Another month, another gamble from DC. They’ve been very brave and bold about trying out different genres in the New 52, but it hasn’t always worked out for the best. For example, they’ve always had a rich supply of World War 2 era characters, so right off the bat, they tried to resurrect two such titles: Blackhawks and Men of War (starring Sgt. Rock). Both were very poor. For my money, the reason they failed was simply because DC tried to modernise them. While the Blackhawks have been around since the War, Sgt. Rock was only created in the late 1950s, yet still set during WW2. They belong to that time, and don’t work in any other.
Whatever the reason, they were cancelled. But DC was not ready to surrender on its war genre. The anthology series G.I. Combat, featuring many of its wartime characters, soon followed. This collection contains three such stories, organised together conveniently in the trade, and I shall break them down similarly here:
The War That Time Forgot
(Written by J.T. Krul; art by Ariel Olivetti.)
This first tale sees two Special Forces officers crash land on a remote island populated by dinosaurs. While struggling for survival, battling ferocious thunder-lizards and confused enemy soldiers, the backstories of the two main characters are very well detailed via flashback. This gives them and the main story greater gravitas without slowing down the action at all.
And the action is awesome. Really, anything with dinosaurs in it is gonna be good. Although they don’t quite mine the original series’ ideas as much as they could, there’s plenty to entertain here. Aside from some disappointingly static faces, Olivetti’s art style is atmospherically realistic, pulling you into the peril and letting you feel those mighty explosions and gunshots. By the end, you’ll be as breathless as the characters in it.
The Unknown Soldier
(Written by Jimmy Palmiotti and Justin Gray; art by Dan Panosian and Staz Johnson.)
These short stories are the brains of the collection. Gray and Palmiotti prove once again that there is no genre they cannot master, this time presenting us with an intense, smart spy thriller. The Unknown Soldier was always an intelligence officer, but here is updated to the modern espionage world; all computers and chemical weapons. Viruses of both kinds. And it works superbly.
Both artists also contribute to the realistic, gritty tone, excusing the Unknown Soldier’s metahuman upgrades, of course. While the stories deal with situations that could be ripped from our world’s headlines, there is also a slight twist of fantasy to them — not enough to dilute the emotional punch though — which only makes the story smarter.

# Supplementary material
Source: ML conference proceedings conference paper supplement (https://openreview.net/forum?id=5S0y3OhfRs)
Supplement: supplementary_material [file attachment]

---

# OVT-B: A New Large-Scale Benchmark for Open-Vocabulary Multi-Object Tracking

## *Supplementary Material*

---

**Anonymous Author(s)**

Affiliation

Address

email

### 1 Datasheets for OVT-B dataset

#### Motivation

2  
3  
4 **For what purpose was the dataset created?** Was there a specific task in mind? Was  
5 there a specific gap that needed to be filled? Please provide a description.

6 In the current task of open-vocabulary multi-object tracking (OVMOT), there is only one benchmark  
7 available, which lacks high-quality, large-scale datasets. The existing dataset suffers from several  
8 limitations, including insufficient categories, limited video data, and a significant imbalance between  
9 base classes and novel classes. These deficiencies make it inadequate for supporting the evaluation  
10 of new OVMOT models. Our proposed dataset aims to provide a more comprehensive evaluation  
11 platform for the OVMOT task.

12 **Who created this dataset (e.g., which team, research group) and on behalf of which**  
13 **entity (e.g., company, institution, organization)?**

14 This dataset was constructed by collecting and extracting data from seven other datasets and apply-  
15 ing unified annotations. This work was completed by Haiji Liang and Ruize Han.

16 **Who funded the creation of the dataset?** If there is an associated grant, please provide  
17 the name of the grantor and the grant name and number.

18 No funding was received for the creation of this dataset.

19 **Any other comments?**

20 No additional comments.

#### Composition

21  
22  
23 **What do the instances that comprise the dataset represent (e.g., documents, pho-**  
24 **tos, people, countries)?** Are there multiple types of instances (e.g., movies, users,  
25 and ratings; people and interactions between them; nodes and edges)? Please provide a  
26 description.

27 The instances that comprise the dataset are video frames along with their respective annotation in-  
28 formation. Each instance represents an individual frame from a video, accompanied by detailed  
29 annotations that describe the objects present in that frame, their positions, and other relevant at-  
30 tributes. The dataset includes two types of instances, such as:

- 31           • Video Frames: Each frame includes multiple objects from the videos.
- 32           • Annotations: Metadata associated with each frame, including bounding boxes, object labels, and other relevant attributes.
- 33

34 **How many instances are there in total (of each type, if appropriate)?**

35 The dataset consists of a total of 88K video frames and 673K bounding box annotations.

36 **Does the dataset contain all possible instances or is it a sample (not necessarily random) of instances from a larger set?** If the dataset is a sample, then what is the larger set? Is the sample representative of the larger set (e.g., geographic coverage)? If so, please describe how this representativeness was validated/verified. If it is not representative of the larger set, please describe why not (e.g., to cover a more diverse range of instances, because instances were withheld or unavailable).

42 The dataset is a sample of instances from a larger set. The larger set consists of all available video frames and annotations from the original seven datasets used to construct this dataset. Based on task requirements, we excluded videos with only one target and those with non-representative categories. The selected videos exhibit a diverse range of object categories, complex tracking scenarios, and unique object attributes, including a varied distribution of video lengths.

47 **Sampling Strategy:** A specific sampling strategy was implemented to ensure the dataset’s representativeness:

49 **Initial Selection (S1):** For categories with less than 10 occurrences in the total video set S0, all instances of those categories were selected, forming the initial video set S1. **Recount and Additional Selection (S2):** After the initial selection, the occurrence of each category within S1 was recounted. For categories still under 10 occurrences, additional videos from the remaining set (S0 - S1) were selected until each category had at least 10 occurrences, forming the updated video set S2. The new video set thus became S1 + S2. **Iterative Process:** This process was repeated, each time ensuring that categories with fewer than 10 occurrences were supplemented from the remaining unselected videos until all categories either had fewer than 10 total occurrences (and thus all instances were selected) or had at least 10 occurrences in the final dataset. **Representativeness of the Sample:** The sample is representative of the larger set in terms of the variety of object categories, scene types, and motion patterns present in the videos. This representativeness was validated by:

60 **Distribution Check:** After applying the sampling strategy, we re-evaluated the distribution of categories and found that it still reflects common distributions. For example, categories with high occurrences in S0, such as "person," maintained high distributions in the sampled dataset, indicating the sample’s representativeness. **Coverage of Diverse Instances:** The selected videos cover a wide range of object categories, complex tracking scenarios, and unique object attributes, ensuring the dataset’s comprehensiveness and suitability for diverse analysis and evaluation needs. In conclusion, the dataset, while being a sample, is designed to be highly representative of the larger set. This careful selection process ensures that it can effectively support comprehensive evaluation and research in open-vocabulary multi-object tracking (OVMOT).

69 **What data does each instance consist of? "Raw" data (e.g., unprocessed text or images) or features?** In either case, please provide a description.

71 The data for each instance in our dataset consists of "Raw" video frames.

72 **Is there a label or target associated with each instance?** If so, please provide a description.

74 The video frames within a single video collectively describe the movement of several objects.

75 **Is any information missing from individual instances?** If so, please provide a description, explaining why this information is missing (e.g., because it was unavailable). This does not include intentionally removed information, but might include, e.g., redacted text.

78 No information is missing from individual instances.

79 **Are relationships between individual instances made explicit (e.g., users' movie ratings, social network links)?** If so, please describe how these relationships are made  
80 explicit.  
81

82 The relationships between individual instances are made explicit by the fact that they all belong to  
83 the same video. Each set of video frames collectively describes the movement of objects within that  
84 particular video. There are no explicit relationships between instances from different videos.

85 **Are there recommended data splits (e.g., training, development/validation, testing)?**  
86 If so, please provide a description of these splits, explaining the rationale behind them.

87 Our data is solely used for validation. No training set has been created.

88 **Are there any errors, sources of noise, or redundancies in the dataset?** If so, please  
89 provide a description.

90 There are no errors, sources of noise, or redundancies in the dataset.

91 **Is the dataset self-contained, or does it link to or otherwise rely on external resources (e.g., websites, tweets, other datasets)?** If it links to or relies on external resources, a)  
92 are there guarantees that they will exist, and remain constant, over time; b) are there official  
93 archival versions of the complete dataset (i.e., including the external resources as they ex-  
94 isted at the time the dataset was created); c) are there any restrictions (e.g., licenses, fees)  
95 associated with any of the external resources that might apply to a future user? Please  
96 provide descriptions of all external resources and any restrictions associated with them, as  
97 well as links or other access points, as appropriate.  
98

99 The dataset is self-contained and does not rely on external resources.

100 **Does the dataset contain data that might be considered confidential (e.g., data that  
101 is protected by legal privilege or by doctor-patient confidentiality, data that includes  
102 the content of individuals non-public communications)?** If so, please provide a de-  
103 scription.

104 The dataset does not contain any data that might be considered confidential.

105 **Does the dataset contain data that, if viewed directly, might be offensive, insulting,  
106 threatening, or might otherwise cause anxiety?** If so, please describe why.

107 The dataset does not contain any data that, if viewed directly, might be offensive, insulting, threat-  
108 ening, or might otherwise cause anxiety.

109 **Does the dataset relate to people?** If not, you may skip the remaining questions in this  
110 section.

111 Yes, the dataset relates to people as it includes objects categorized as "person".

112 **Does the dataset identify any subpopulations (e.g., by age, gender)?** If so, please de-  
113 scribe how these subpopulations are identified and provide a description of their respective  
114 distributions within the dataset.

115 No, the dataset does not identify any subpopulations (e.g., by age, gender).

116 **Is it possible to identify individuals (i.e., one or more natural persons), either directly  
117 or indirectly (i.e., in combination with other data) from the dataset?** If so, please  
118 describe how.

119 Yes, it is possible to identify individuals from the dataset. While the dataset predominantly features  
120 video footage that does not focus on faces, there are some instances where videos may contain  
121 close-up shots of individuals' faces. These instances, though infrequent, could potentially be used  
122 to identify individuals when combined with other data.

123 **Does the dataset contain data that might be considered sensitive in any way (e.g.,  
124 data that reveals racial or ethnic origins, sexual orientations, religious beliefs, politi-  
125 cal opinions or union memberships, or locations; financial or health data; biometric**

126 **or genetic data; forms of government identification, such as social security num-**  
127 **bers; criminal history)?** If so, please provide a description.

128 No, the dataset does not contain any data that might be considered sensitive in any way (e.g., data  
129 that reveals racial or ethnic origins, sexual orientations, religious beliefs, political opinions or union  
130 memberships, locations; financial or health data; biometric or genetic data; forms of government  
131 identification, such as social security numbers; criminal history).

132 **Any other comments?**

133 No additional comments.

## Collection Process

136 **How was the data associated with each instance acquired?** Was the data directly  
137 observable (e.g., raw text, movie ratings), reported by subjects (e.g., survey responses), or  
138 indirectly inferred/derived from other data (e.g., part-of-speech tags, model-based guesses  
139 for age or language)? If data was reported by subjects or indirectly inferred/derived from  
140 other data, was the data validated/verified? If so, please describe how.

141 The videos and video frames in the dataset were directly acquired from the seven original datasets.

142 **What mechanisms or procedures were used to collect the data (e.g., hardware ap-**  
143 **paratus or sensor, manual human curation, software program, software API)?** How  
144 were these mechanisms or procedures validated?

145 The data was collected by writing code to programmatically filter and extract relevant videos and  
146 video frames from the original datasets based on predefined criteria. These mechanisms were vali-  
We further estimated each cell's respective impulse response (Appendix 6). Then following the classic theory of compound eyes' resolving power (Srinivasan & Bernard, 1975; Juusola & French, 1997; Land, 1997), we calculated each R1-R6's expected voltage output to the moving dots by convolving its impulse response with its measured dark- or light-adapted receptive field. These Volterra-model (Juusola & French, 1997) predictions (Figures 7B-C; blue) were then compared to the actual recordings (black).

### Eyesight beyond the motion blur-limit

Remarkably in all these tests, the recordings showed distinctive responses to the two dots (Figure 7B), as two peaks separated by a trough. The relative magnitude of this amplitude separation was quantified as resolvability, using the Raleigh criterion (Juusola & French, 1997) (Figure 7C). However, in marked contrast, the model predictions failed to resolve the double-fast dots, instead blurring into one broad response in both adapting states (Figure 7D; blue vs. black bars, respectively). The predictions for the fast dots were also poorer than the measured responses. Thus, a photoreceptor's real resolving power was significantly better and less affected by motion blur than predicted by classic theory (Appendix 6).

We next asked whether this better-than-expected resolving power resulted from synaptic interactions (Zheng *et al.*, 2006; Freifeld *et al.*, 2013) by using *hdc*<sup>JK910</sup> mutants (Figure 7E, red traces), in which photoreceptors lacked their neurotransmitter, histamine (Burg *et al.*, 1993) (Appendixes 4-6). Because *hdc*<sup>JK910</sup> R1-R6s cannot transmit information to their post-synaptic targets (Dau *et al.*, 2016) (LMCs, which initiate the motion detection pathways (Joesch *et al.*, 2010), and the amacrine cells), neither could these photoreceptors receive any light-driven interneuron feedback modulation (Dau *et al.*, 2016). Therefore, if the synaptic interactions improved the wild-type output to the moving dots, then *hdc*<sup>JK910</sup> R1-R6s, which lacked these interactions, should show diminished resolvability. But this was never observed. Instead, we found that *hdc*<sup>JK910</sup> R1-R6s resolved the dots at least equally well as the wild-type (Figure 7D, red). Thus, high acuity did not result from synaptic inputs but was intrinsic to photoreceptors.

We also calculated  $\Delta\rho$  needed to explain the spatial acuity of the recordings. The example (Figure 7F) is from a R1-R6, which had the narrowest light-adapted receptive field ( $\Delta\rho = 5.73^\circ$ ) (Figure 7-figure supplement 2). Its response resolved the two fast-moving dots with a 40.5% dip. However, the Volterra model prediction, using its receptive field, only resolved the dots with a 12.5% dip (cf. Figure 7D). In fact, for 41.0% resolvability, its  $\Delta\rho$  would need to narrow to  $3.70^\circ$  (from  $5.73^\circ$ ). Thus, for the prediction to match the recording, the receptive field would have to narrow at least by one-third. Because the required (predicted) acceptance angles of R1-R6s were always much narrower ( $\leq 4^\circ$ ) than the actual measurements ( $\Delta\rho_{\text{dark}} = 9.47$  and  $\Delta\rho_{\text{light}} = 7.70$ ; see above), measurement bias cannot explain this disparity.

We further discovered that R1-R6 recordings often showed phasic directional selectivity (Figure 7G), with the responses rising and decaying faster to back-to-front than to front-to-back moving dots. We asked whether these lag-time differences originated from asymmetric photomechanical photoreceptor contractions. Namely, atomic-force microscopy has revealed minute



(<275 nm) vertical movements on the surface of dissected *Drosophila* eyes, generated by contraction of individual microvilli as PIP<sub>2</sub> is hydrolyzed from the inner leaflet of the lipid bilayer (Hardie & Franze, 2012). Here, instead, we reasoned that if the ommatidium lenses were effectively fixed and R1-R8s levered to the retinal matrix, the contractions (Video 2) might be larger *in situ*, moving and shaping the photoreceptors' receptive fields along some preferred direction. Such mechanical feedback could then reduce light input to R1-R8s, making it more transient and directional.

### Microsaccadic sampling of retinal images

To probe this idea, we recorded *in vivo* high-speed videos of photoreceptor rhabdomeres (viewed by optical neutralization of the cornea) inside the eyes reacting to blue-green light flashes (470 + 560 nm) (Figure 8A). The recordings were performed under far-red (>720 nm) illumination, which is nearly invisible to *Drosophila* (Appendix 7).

Indeed, the backstory given for this version of the Soldier is rich, moving, and tragic. Something Palmiotti and Gray are also experts in (see: Jonah Hex). Amidst the slick spy adventure, they also manage to give the main character a deeper mythology. It’s a noble effort, but I can’t help feel that it serves to lose some of the grounding they establish.
The Haunted Tank
(Written by Peter J. Tomasi; art by Howard Chaykin.)
It’s appropriate that this tale comes last, as it was my favourite of the collection. Lt. Jeb Stuart, now 97 years old, is summoned by the tank he commanded in WW2, which is possessed by the spirit of a Confederate general, to save his grandson’s life in Afghanistan.
Most of this story is pure, hilarious fun, as old Jeb and his magic tank give the U.S. government the slip as they try to contain the paranormal vehicle, then make a dramatic rescue of his grandson, waving his Civil War sword proudly to confused terrorists. Yes, there’s plenty of laughs and triumphant action moments, but this is still a war series, so there’s some grim parts too.
That’s why Howard Chaykin is the right artist for the job. His style is soft, light-hearted, slightly cartoonish, but there’s a slight rough edge to it as well. That’s perfect for this story.
I was in love with the zany exploits of the mad old soldier, who may or may not have a few screws loose, and his bewildered grandson, blasting their way through the Middle East in a 50-year-old tank haunted by a 100-year-old ghost, and then they brought in one of my favourite DC wartime concepts: The Nazi War Wheel. That sealed it.
Each of the stories in this collection are brilliant for their own reasons: dinosaur-blasting action, hardcore espionage thriller, ghost-tank hijinks. All set in the modern age too, so maybe I was wrong earlier. They represent not only some great creative talent, but also the fact that capes and big names aren’t necessary to make a series good. So, naturally, it’s already been cancelled. You think war is Hell, try the comics business.